A U.S. judge has rejected the settlement between Yahoo and users impacted by the massive data breaches suffered by the company, citing, among other things, inadequate disclosure of the settlement fund and high attorney fees.
Yahoo informed customers in 2016 that its systems had been breached in 2014 by hackers who had managed to access data from at least 500 million accounts. A few months later, the company disclosed a different breach, one that dated back to 2013, and which impacted all of its 3 billion users. Data obtained in the 2014 incident is said to have been used in 2015 and 2016 to illegally access accounts.
Yahoo and Altaba, the investment company that resulted from Verizon’s $4.5 billion acquisition of Yahoo’s Internet business, faced several lawsuits brought by investors and users.
Last year, Altaba agreed to pay a $35 million penalty to the SEC for not disclosing the 2014 breach to investors, and a judge approved an $80 million settlement that Altaba agreed to pay for misleading investors about the breaches. A court recently also approved a $29 million settlement over shareholder derivative class actions.
However, the settlement announced by Yahoo last October has been rejected by California judge Lucy Koh. As part of this settlement, the Internet giant agreed to pay $50 million in damages and provide two years of free credit monitoring services to 200 million individuals impacted by the breaches in the US and Israel.
The judge is unhappy with the fact that the settlement seeks to absolve Yahoo for any breaches it may have suffered in 2012 – Yahoo has denied having knowledge of any breaches prior to 2013.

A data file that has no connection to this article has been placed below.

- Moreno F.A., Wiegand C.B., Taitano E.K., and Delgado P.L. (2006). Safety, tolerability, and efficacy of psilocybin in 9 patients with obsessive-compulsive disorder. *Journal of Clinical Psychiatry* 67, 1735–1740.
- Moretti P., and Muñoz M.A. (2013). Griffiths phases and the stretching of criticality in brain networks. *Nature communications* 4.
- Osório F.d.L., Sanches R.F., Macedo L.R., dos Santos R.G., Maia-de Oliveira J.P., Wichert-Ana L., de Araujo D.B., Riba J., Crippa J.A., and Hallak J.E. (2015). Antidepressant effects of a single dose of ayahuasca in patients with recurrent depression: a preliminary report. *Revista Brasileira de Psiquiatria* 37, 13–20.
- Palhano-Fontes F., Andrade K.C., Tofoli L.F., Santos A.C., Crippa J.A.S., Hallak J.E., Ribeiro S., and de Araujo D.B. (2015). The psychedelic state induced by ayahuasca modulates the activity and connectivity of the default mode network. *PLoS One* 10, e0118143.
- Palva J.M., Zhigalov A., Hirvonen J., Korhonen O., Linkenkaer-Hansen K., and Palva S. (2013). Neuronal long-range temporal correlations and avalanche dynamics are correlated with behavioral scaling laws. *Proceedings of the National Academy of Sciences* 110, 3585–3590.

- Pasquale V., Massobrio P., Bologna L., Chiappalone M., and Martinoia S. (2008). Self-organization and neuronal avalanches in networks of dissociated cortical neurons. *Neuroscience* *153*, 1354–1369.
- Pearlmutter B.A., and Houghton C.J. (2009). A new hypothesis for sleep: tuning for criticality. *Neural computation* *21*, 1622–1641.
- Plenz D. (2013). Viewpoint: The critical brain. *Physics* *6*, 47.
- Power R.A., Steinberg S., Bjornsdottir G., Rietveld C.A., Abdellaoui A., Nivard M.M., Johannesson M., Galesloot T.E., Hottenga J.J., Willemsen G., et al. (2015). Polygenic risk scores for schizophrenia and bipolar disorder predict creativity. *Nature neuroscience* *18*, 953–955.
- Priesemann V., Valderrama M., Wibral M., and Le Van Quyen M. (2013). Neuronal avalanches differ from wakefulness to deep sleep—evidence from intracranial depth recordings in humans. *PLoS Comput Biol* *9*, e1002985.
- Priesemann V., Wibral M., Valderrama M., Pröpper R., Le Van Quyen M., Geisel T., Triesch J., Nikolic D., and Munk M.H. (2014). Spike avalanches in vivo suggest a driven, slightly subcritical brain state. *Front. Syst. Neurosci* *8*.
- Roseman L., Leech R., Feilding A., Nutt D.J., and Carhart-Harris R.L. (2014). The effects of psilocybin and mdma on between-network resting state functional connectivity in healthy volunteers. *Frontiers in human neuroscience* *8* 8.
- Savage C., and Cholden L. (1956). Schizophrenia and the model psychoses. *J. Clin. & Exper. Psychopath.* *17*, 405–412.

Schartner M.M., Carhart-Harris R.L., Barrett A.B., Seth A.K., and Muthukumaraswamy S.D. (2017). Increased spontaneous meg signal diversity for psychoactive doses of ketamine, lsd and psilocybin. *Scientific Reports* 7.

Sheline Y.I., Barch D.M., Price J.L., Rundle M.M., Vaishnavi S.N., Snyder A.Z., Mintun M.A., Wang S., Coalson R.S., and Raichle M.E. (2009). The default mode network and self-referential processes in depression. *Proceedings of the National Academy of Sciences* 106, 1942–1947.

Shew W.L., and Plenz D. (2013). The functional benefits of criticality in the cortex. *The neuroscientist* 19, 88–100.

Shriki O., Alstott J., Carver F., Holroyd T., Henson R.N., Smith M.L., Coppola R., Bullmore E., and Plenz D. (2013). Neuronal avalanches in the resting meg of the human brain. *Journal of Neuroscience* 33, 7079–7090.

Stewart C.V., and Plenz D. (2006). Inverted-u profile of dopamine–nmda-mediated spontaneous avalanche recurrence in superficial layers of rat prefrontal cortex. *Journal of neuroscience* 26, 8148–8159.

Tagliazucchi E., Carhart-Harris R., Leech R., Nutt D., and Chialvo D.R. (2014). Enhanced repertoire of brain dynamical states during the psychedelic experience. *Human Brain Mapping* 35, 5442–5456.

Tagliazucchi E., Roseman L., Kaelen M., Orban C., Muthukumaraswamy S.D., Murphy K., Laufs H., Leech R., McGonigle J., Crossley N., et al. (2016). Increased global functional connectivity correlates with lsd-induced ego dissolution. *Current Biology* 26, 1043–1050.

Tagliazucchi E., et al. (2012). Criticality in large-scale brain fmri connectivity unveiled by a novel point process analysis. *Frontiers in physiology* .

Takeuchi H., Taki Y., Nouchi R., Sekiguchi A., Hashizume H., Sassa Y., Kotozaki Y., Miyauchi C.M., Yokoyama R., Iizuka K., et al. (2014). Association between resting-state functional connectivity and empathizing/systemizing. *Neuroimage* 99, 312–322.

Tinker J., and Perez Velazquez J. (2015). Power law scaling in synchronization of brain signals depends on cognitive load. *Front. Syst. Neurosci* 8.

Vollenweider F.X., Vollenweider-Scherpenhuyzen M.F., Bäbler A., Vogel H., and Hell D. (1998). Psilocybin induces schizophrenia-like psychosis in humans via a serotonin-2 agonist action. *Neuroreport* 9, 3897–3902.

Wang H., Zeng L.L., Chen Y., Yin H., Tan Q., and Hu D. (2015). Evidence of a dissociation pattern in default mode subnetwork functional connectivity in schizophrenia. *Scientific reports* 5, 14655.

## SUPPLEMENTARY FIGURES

Judge Koh’s decision is also based on what she described as inadequate disclosure of the total size of the settlement fund, which makes it difficult to determine how much each of the victims will receive.
“The proposed notice discloses $50 million to cover out-of-pocket costs, alternative compensation, paid user costs, and small business user costs,” the judge argued in her ruling. “In addition, the proposed notice discloses that class counsel may apply for attorneys’ fees of up to $35 million, costs and expenses of up to $2.5 million, and service awards of up to $7,500 each for settlement class representatives, to be paid separately from the settlement fund. The proposed notice does not disclose the costs of credit monitoring services or costs for class notice and settlement administration, and does not disclose the total size of the settlement fund.”
The judge also did not like the fact that the settlement proposition authorizes up to $35 million for attorneys, separately from the settlement fund. She described the fees as “unreasonably high” and noted that any unawarded attorney fees would be reverted to Yahoo instead of the victims.
The decision is also based on what the judge has described as a “misleading estimate as to the size of the settlement class.” The estimate that 200 million US and Israeli nationals are impacted by the breach is based on a “population study” rather than an actual analysis of accounts. Non-public information provided by Yahoo to the court showed a much smaller number of users eligible to seek compensation, which makes it difficult to assess whether the settlement is fair and reasonable.
The judge also believes that Yahoo’s promises to improve security are vague and do not include any specific information on an increase in budget or number of employees.